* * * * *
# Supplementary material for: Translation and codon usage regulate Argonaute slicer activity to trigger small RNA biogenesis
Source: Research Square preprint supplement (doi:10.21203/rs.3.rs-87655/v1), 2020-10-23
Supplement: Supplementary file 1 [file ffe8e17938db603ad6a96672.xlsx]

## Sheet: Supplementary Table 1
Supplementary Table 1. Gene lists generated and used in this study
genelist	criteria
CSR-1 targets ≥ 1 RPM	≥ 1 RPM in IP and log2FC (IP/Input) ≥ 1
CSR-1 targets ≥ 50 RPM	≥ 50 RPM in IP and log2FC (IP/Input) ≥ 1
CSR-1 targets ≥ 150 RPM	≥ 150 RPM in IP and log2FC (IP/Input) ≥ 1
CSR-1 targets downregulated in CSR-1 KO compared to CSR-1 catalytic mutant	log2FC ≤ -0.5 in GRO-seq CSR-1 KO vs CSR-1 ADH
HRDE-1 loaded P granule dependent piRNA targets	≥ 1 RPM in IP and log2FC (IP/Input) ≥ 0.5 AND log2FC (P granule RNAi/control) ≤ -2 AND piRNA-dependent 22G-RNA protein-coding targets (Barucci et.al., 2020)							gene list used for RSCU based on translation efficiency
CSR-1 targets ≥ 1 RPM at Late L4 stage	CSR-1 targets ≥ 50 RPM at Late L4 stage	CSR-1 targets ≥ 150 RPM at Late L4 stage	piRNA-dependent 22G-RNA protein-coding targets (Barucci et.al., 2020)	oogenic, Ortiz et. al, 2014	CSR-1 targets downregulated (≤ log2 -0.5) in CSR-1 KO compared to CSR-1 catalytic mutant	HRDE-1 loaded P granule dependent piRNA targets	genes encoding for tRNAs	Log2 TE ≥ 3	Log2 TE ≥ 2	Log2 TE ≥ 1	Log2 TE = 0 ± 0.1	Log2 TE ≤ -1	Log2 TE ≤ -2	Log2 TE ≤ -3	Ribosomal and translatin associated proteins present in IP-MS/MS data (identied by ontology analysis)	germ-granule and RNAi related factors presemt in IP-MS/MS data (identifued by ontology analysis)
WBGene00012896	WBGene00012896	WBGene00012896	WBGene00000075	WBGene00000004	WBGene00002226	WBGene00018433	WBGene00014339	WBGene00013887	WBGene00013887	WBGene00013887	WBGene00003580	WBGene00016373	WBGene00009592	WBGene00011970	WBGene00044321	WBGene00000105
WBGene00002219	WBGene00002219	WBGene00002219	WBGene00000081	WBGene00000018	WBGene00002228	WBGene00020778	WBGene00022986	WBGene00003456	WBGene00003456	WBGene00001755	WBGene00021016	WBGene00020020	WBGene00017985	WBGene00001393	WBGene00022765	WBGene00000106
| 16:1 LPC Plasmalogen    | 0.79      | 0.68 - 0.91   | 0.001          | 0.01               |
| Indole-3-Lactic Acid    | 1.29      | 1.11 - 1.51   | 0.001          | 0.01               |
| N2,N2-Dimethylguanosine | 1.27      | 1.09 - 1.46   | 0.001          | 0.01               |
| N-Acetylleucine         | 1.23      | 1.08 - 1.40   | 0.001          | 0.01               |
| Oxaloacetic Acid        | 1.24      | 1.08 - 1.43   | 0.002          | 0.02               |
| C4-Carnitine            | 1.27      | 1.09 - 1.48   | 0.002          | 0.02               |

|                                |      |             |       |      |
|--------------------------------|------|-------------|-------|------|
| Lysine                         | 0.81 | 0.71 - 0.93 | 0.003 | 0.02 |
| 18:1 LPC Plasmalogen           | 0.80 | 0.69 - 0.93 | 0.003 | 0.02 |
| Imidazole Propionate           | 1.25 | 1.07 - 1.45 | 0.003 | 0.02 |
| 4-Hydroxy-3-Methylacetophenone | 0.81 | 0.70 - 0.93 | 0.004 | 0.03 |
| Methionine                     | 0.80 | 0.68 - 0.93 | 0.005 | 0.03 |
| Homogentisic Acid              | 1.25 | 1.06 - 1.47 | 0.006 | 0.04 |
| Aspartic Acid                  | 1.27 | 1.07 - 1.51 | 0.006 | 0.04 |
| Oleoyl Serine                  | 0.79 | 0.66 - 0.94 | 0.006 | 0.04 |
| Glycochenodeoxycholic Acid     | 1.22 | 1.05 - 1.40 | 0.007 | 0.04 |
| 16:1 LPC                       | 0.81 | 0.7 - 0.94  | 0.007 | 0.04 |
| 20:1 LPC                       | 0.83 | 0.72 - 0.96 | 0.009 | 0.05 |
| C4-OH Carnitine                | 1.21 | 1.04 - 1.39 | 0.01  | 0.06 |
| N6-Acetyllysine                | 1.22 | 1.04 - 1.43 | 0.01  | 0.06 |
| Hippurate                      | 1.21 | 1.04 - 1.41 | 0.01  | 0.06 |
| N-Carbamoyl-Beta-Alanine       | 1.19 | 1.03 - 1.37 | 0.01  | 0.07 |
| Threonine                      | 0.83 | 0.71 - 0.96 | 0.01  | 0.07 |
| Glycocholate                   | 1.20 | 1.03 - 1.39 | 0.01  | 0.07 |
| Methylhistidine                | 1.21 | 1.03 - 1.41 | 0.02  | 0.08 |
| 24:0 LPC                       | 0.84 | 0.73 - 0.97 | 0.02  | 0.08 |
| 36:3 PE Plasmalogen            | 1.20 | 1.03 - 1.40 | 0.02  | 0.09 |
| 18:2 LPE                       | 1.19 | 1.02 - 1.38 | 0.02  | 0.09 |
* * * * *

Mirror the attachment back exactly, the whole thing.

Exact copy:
# Supplementary material for: Translation and codon usage regulate Argonaute slicer activity to trigger small RNA biogenesis
Source: Research Square preprint supplement (doi:10.21203/rs.3.rs-87655/v1), 2020-10-23
Supplement: Supplementary file 1 [file ffe8e17938db603ad6a96672.xlsx]

## Sheet: Supplementary Table 1
Supplementary Table 1. Gene lists generated and used in this study
genelist	criteria
CSR-1 targets ≥ 1 RPM	≥ 1 RPM in IP and log2FC (IP/Input) ≥ 1
CSR-1 targets ≥ 50 RPM	≥ 50 RPM in IP and log2FC (IP/Input) ≥ 1
CSR-1 targets ≥ 150 RPM	≥ 150 RPM in IP and log2FC (IP/Input) ≥ 1
CSR-1 targets downregulated in CSR-1 KO compared to CSR-1 catalytic mutant	log2FC ≤ -0.5 in GRO-seq CSR-1 KO vs CSR-1 ADH
HRDE-1 loaded P granule dependent piRNA targets	≥ 1 RPM in IP and log2FC (IP/Input) ≥ 0.5 AND log2FC (P granule RNAi/control) ≤ -2 AND piRNA-dependent 22G-RNA protein-coding targets (Barucci et.al., 2020)							gene list used for RSCU based on translation efficiency
CSR-1 targets ≥ 1 RPM at Late L4 stage	CSR-1 targets ≥ 50 RPM at Late L4 stage	CSR-1 targets ≥ 150 RPM at Late L4 stage	piRNA-dependent 22G-RNA protein-coding targets (Barucci et.al., 2020)	oogenic, Ortiz et. al, 2014	CSR-1 targets downregulated (≤ log2 -0.5) in CSR-1 KO compared to CSR-1 catalytic mutant	HRDE-1 loaded P granule dependent piRNA targets	genes encoding for tRNAs	Log2 TE ≥ 3	Log2 TE ≥ 2	Log2 TE ≥ 1	Log2 TE = 0 ± 0.1	Log2 TE ≤ -1	Log2 TE ≤ -2	Log2 TE ≤ -3	Ribosomal and translatin associated proteins present in IP-MS/MS data (identied by ontology analysis)	germ-granule and RNAi related factors presemt in IP-MS/MS data (identifued by ontology analysis)
WBGene00012896	WBGene00012896	WBGene00012896	WBGene00000075	WBGene00000004	WBGene00002226	WBGene00018433	WBGene00014339	WBGene00013887	WBGene00013887	WBGene00013887	WBGene00003580	WBGene00016373	WBGene00009592	WBGene00011970	WBGene00044321	WBGene00000105
WBGene00002219	WBGene00002219	WBGene00002219	WBGene00000081	WBGene00000018	WBGene00002228	WBGene00020778	WBGene00022986	WBGene00003456	WBGene00003456	WBGene00001755	WBGene00021016	WBGene00020020	WBGene00017985	WBGene00001393	WBGene00022765	WBGene00000106
| 16:1 LPC Plasmalogen    | 0.79      | 0.68 - 0.91   | 0.001          | 0.01               |
| Indole-3-Lactic Acid    | 1.29      | 1.11 - 1.51   | 0.001          | 0.01               |
| N2,N2-Dimethylguanosine | 1.27      | 1.09 - 1.46   | 0.001          | 0.01               |
| N-Acetylleucine         | 1.23      | 1.08 - 1.40   | 0.001          | 0.01               |
| Oxaloacetic Acid        | 1.24      | 1.08 - 1.43   | 0.002          | 0.02               |
| C4-Carnitine            | 1.27      | 1.09 - 1.48   | 0.002          | 0.02               |

|                                |      |             |       |      |
|--------------------------------|------|-------------|-------|------|
| Lysine                         | 0.81 | 0.71 - 0.93 | 0.003 | 0.02 |
| 18:1 LPC Plasmalogen           | 0.80 | 0.69 - 0.93 | 0.003 | 0.02 |
| Imidazole Propionate           | 1.25 | 1.07 - 1.45 | 0.003 | 0.02 |
| 4-Hydroxy-3-Methylacetophenone | 0.81 | 0.70 - 0.93 | 0.004 | 0.03 |
| Methionine                     | 0.80 | 0.68 - 0.93 | 0.005 | 0.03 |
| Homogentisic Acid              | 1.25 | 1.06 - 1.47 | 0.006 | 0.04 |
| Aspartic Acid                  | 1.27 | 1.07 - 1.51 | 0.006 | 0.04 |
| Oleoyl Serine                  | 0.79 | 0.66 - 0.94 | 0.006 | 0.04 |
| Glycochenodeoxycholic Acid     | 1.22 | 1.05 - 1.40 | 0.007 | 0.04 |
| 16:1 LPC                       | 0.81 | 0.7 - 0.94  | 0.007 | 0.04 |
| 20:1 LPC                       | 0.83 | 0.72 - 0.96 | 0.009 | 0.05 |
| C4-OH Carnitine                | 1.21 | 1.04 - 1.39 | 0.01  | 0.06 |
| N6-Acetyllysine                | 1.22 | 1.04 - 1.43 | 0.01  | 0.06 |
| Hippurate                      | 1.21 | 1.04 - 1.41 | 0.01  | 0.06 |
| N-Carbamoyl-Beta-Alanine       | 1.19 | 1.03 - 1.37 | 0.01  | 0.07 |
| Threonine                      | 0.83 | 0.71 - 0.96 | 0.01  | 0.07 |
| Glycocholate                   | 1.20 | 1.03 - 1.39 | 0.01  | 0.07 |
| Methylhistidine                | 1.21 | 1.03 - 1.41 | 0.02  | 0.08 |
| 24:0 LPC                       | 0.84 | 0.73 - 0.97 | 0.02  | 0.08 |
| 36:3 PE Plasmalogen            | 1.20 | 1.03 - 1.40 | 0.02  | 0.09 |
| 18:2 LPE                       | 1.19 | 1.02 - 1.38 | 0.02  | 0.09 |